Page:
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Underdeveloped career guidance system

Effective career information and guidance systems are a key to making lifelong learning a reality for all. They can help to make the best use of human resources in the labour market as well as in education by allowing better matches between people’s skills and interests and available opportunities for work and learning (OECD, 2014b). Access to high-quality, independent careers information, advice and guidance at key points in a school career, as well as later on in life, is therefore central to a successful schooling and lifelong learning.

In Latvia the provision of career guidance services is weak and fragmented. Responsibility for career guidance is shared between the State Employment Agency and the State Education Development Agency. The latter is responsible for providing career guidance in schools, while the State Education Agency provides guidance to registered job seekers. A wider advisory forum, the Cooperation Council for the Career System is also in place and the newly created VECCs are also intended to play a part (OECD, 2015b).

The data show that in 2013 only 36% of the population had received any career guidance while in education, against an EU average of 61°% (European Union, 2014). in Latvia, young people have access to school-based careers information, advice and guidance in Grades 8 and 9 of compulsory education, which schools fund out of their own budgets. it is not known, however, how much schools invest in this. Prior to the economic crisis, extra EU funds had been available for teacher training in guidance, but this was curtailed due to the economic downturn.

in upper secondary education, teachers discuss tertiary education options with students, but it is not clear how much time is spent discussing other options, including employment. There is a risk that other career options, such as vocational education and training, might not be sufficiently explored. The ongoing review of career guidance in the education sector is intended among others to increase school staff capacity for guidance and to broaden the range of guidance activities for students. These measures could help to reduce the potential bias toward keeping students in general education.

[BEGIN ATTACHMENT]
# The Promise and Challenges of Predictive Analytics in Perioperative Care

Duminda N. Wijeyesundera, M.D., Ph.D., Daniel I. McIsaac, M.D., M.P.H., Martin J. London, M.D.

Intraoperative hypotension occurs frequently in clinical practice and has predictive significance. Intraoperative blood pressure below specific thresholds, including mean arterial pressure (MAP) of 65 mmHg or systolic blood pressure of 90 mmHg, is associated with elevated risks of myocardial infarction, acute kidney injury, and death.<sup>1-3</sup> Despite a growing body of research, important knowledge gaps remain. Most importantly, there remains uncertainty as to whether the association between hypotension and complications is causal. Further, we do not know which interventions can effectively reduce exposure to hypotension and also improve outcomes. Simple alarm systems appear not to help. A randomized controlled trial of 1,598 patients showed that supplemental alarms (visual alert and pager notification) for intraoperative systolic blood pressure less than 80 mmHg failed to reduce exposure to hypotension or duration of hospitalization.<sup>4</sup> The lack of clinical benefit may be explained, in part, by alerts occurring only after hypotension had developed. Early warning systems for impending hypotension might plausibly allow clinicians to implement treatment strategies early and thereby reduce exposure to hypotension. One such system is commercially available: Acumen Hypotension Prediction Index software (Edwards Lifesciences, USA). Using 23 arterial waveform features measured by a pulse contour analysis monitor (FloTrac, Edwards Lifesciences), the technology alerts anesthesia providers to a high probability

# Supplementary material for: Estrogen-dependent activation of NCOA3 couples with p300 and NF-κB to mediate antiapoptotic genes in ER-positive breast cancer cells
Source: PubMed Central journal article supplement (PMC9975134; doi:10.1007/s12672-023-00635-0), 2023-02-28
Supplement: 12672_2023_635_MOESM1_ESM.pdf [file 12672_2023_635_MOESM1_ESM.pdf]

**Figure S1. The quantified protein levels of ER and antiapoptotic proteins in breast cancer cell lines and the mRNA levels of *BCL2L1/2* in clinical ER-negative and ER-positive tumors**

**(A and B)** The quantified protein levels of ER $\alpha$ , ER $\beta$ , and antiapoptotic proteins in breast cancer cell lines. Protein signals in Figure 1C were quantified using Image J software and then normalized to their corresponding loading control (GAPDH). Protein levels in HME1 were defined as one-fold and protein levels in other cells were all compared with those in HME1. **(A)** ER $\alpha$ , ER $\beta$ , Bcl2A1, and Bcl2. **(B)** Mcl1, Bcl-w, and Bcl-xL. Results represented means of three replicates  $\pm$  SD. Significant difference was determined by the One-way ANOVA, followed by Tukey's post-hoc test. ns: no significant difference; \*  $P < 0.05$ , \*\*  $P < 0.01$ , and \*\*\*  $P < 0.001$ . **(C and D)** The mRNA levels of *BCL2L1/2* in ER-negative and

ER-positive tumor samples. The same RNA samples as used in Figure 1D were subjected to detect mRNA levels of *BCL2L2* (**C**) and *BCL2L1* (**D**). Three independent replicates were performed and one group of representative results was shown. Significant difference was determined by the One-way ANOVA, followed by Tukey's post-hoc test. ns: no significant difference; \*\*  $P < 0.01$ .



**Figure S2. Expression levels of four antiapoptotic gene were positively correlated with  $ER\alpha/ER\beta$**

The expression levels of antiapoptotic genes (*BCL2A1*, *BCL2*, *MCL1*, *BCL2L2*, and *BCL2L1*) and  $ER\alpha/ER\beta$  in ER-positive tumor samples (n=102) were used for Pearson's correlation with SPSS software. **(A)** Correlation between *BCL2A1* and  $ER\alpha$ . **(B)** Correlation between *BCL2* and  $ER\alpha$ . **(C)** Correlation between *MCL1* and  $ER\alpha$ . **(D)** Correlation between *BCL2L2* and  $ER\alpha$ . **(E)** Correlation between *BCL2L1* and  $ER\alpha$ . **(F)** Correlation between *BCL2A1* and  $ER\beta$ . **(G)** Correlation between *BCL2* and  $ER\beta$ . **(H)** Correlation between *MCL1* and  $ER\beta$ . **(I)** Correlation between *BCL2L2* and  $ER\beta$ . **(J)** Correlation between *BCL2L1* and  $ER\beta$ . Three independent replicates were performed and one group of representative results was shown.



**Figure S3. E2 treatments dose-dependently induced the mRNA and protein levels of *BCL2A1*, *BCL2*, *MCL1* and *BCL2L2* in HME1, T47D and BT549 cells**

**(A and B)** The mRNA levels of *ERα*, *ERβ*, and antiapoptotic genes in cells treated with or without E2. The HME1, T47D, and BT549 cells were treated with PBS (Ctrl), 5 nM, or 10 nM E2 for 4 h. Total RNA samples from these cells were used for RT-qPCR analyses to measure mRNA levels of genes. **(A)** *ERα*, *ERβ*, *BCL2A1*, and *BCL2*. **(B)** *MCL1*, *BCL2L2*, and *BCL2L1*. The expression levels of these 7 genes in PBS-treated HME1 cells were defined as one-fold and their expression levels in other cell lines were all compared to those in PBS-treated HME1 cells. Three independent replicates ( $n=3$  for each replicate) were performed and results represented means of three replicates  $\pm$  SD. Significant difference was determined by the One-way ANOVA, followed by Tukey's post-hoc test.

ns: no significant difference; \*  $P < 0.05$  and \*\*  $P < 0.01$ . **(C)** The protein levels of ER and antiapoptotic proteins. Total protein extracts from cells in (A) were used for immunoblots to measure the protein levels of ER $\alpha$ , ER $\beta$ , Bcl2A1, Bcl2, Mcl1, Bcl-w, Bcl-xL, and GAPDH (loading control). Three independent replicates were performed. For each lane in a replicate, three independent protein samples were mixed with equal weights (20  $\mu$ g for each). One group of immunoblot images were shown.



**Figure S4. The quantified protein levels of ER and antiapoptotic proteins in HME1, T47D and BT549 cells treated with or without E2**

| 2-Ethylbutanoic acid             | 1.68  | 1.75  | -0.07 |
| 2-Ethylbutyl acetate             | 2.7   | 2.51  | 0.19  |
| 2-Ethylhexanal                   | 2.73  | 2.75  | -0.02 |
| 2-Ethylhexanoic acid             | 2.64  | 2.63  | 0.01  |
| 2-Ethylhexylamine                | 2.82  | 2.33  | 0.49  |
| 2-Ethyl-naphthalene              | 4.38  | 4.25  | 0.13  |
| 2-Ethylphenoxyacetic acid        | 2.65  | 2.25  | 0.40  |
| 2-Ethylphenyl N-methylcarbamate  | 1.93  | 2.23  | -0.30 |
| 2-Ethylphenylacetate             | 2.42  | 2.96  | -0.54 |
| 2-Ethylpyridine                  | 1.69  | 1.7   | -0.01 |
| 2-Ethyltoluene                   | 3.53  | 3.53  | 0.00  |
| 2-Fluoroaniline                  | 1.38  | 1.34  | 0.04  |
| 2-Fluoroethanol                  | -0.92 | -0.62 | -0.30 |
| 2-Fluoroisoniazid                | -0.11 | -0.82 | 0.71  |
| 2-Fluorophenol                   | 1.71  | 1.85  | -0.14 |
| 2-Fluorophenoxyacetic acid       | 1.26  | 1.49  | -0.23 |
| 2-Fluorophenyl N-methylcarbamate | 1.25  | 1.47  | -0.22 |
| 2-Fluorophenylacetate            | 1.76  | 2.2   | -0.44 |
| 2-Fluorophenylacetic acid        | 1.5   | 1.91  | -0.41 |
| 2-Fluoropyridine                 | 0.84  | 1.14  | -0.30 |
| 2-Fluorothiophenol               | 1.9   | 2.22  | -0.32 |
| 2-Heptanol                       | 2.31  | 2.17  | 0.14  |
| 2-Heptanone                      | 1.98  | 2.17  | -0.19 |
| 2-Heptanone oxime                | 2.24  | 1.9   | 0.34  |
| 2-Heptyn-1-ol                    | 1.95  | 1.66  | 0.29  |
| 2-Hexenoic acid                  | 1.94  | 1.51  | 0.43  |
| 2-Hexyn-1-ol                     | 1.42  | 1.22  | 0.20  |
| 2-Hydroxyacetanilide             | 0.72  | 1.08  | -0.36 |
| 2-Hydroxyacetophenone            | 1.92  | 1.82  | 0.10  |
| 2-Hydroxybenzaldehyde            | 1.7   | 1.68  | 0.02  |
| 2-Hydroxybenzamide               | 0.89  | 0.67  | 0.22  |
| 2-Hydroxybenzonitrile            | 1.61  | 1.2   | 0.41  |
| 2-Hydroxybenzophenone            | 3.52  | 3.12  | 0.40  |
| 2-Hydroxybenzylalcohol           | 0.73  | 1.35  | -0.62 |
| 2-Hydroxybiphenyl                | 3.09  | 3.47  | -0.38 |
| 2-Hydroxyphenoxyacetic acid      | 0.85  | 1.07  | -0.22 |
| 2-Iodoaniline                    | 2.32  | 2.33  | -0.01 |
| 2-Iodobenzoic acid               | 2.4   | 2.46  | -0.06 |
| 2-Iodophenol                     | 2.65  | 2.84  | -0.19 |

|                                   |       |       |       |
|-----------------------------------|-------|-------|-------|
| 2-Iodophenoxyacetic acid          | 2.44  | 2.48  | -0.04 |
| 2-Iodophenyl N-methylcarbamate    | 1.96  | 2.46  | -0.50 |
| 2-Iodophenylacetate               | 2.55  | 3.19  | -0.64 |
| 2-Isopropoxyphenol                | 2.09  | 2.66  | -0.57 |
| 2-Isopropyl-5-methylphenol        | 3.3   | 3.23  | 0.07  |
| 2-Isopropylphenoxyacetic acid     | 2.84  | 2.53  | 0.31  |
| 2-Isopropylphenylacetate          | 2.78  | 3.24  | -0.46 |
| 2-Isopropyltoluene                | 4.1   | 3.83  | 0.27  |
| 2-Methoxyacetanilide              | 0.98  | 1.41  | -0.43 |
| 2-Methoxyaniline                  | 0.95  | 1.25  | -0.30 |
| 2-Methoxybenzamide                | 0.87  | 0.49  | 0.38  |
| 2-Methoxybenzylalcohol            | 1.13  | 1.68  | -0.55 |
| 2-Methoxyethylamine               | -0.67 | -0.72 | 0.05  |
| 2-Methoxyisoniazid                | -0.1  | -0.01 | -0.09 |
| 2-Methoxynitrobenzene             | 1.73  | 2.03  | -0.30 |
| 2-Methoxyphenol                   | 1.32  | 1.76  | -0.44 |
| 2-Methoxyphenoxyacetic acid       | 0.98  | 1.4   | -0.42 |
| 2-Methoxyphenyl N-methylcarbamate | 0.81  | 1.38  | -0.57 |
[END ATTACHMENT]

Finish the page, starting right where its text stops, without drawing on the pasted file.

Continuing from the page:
Earlier and more intensive career advice and guidance might help to tackle the significant gender segregation in vocational education programmes, but earlier intervention is also needed to enable young people to decide between the general and vocational pathways. Latvia intends to strengthen the career guidance system as part of the larger reform of its vocational education system, but plans are at an early stage (European Commission, 2015). Examples from other oECD countries may help shape its career guidance system.

internationally, developments in digital communication technologies are helping to improve and bring innovation into the career guidance field. Some countries (e.g. Austria and Australia) have national career-focused websites, whilst others have websites dedicated to different aspects of the education system (e.g. Germany and the United Kingdom for apprenticeship). A private initiative in Latvia has also recently resulted in a similar youth career portal, Prakse ( With EU funding Latvia aims to further develop the current national learning information website into a portal that among others will include individual user profiles, as well as career interest, aptitude and value self-assessment functions to help users identify suitable further education and/or occupation opportunities.

in Switzerland career guidance and information sessions are mandatory in secondary education and all teachers receive some training on labour market opportunities. in lower secondary education, students learn in their own schools about different career options and how to use the independent institutions for guidance related to all levels of education and training - the Berufsinformationszentren. These centres work closely with schools, and sometimes provide services at the school rather than their own offices. in other countries, short internships or periods of work experience towards the end of compulsory education or at upper secondary level are used to give young people the chance to sample different types of workplace and occupational fields.

in the United Kingdom, the concept of “ambassadors” is widely used as a way to encourage young people to look beyond their current horizons. A long-standing example is the Science, Technology, Engineering and Mathematics Network (STEMNET) (Box 4.4), which given the low numbers of young Latvians choosing to study STEM subjects, might offer a useful model.

Box 4.4. STEM Ambassadors

STEMNET (the Science, Technology, Engineering and Mathematics Network) was established as a charity in 1996, funded by the British government. it works with schools and further education colleges and STEM employers in the United Kingdom to enable young people to meet inspiring role models and participate in STEM activities to bring learning and career opportunities to life. STEMNET uses over 27 000 volunteer STEM Ambassadors, from a wide range of STEM occupations across engineering, digital and life sciences to promote STEM subjects to young learners in a range of practical and engaging ways.

Source: STEMNET (n.d.), “STEM Ambassadors”, STEMNET (Science, Technology, Engineering and Mathematics Network) website,

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